At the invitation of my Board Chair, I had the pleasure of attending a speech at George Mason University given by Michael Kaiser, President of the John F. Kennedy Center for the Performing Arts and author of The Art of the Turnaround: Creating and Maintaining Healthy Arts Organizations. Prior to his speech, I was introduced to Mr. Kaiser, and as I reached out to shake his hand, I secretly hoped that some of his wisdom would transfer from him to me through osmosis. It came as a bit of a surprise that when I introduced myself, he knew who I was, and mentioned that he enjoyed reading my blog.
I admire Mr. Kaiser not only for his expertise in arts management, but also for his tremendous passion for helping struggling arts organizations. Most arts organizations are looking inward during this moment of economic downturn, trying to figure out how to adjust what they are doing to address anticipated future challenges. Mr. Kaiser on the other hand has made it clear that the Kennedy Center has a responsibility as a leader in the field to reach out and help other struggling organizations. I know that times are tough, and the economy has to be impacting the Kennedy Center as well, but even with less resources, the Kennedy Center has launched a new initiative called "Arts in Crisis" which focuses on providing planning assistance and consulting to struggling arts organizations throughout the United States. It truly takes a visionary leader to expand services in an attempt to fulfill an obvious need when resources are so scarce. And this is something Mr. Kaiser is personally committed to as he was proud to share that he has personally taken on consulting for 10 small arts organizations as part of this initiative.
That all being said, Mr. Kaiser discussed the difference between what he labels programmatic marketing and institutional marketing. Prior to reading his book, I had never heard of this distinction, but now find his argument incredibly valuable. He defines programmatic marketing as marketing that is designed to promote a certain activity (i.e. to sell tickets). Conversely, he sees institutional marketing as activities that are designed to promote the institution. He makes the argument that too many organizations do too much of the prior, and too little of the latter. I would have to agree with him. Most marketers feel comfortable with programmatic marketing because it has an obvious, quick and measurable impact (mostly measured on ROI, or Cost of Sale, etc). We don't feel as comfortable in institutional marketing because its not as easy to measure, and it takes a dedicated effort over an extended period of time to see the results.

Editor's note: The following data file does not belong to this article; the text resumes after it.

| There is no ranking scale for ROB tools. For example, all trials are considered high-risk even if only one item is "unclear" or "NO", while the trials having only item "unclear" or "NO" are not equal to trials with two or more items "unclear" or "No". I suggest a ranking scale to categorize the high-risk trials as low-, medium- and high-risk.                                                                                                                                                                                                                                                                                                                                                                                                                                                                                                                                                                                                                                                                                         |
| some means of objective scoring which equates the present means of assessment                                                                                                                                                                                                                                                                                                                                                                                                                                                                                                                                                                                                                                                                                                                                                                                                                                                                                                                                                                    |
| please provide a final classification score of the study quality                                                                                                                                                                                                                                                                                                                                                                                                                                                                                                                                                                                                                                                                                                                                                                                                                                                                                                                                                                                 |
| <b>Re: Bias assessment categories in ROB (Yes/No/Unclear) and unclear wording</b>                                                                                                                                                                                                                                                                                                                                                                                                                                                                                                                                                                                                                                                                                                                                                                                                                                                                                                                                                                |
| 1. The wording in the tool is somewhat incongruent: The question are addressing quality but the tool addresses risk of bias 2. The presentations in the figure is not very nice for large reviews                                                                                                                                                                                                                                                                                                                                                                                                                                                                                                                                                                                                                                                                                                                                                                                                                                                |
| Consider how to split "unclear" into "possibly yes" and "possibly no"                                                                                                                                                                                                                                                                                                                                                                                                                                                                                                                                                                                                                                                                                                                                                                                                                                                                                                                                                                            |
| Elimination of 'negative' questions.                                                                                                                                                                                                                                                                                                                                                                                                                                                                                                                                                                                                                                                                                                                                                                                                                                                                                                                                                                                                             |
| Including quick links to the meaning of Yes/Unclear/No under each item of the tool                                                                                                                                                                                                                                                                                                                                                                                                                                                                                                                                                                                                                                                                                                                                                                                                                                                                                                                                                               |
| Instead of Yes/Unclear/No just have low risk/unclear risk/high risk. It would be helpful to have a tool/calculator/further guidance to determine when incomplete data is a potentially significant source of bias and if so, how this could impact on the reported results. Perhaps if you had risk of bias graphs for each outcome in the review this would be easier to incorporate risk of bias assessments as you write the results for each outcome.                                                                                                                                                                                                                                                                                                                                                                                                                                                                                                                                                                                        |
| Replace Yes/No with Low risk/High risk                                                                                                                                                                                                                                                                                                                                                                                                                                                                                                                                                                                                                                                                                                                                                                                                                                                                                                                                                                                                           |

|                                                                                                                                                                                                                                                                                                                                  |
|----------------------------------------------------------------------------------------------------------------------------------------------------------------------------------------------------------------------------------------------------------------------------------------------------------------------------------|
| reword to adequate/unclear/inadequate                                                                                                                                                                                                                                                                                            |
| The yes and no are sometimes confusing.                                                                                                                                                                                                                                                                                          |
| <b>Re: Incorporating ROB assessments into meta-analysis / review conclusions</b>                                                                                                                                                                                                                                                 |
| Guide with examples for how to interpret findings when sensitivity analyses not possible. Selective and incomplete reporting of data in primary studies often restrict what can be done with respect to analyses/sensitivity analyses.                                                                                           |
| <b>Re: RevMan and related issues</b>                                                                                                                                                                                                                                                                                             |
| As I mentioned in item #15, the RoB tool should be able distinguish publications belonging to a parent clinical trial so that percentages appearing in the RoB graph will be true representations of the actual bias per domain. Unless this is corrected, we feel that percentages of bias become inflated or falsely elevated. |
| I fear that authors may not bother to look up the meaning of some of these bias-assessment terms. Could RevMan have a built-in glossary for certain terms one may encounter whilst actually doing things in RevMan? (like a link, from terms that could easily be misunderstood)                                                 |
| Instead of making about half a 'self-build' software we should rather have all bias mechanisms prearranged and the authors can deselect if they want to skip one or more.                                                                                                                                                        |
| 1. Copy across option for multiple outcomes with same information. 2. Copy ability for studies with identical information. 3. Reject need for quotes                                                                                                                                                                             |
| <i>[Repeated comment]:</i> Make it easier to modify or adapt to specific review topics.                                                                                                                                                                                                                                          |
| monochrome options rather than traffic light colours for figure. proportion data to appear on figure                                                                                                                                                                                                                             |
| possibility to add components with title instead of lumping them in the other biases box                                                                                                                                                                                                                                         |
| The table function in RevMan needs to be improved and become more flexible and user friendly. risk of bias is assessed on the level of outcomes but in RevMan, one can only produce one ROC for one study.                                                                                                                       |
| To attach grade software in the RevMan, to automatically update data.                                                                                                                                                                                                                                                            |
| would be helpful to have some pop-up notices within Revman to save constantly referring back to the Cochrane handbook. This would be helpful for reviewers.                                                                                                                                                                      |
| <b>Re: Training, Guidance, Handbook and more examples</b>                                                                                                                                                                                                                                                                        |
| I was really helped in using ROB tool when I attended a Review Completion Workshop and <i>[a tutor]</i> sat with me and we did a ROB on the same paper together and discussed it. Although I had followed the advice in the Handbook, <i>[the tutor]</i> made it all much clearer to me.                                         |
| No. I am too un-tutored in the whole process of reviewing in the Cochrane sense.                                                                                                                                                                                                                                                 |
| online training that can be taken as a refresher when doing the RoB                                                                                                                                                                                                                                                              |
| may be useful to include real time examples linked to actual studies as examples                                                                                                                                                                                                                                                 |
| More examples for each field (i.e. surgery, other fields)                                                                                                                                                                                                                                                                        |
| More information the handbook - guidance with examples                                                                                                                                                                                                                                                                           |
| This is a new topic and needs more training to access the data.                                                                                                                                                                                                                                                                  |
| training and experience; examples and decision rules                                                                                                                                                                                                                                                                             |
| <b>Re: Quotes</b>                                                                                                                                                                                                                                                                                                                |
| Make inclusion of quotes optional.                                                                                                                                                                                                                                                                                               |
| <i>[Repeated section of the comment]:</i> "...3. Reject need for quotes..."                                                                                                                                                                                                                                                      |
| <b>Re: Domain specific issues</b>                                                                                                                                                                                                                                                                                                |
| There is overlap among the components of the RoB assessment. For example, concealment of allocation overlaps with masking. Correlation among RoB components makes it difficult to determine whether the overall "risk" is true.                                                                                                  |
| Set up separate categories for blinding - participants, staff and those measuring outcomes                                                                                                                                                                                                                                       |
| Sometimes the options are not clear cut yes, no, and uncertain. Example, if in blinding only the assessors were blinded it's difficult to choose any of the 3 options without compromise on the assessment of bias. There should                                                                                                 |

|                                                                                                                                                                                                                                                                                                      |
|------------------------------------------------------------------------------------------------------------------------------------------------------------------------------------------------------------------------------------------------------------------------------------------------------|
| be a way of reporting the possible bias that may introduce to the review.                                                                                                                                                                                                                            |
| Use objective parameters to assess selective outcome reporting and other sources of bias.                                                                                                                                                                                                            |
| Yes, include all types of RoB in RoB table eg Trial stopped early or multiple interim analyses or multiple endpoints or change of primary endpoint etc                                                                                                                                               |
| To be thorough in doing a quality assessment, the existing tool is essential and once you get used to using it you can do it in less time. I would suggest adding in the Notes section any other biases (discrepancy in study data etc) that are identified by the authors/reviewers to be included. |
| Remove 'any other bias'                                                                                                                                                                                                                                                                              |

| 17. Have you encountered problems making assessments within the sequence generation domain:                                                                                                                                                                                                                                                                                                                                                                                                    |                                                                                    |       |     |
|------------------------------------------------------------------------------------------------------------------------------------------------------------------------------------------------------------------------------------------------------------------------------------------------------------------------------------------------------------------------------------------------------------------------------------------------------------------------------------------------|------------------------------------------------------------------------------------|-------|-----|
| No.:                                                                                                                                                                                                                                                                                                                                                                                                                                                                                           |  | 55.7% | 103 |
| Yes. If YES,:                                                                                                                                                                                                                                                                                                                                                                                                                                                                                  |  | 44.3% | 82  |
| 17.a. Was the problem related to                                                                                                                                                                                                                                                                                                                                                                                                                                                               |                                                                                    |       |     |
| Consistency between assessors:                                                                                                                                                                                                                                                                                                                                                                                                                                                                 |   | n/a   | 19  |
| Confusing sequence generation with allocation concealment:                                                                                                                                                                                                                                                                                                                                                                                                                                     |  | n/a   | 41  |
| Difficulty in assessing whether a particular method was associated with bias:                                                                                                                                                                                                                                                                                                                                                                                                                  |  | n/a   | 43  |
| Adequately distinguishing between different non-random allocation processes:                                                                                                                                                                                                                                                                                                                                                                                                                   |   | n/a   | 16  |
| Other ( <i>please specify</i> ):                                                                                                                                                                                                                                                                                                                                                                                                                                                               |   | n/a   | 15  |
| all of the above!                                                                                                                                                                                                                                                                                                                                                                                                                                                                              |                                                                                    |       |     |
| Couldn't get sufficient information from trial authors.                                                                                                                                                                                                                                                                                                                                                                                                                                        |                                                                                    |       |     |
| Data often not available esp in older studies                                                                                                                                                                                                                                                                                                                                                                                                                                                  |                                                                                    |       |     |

That being said, the results of a well executed institutional campaign can be remarkable. Mr. Kaiser notes that an eight year aggressive institutional marketing campaign has been mostly responsible for a 250% increase in contributed revenue at the Kennedy Center, and when he was previously at Alvin Ailey, they doubled their fundraising in two years. A programmatic marketing campaign is limited in its abilities and scope because it lives in a finite period, where institutional campaigns pay dividends in both earned and contributed revenue because they help brand the institution and sell the vision. Why be satisfied with selling a slice when you can sell the entire pie?
To me, it all goes back to planning. Mr. Kaiser advises organizations to constantly be working in the future -- planning seasons three years in advance, crafting a long term vision, etc. Too many of us get bogged down in the day to day, and who can blame us, we are only human. When there is a fire, we all concentrate on putting it out, but if we are constantly putting out fires, it is good to be reminded that we also need to put effort into digging new wells, for without new wells, we will eventually run out of water for the fires.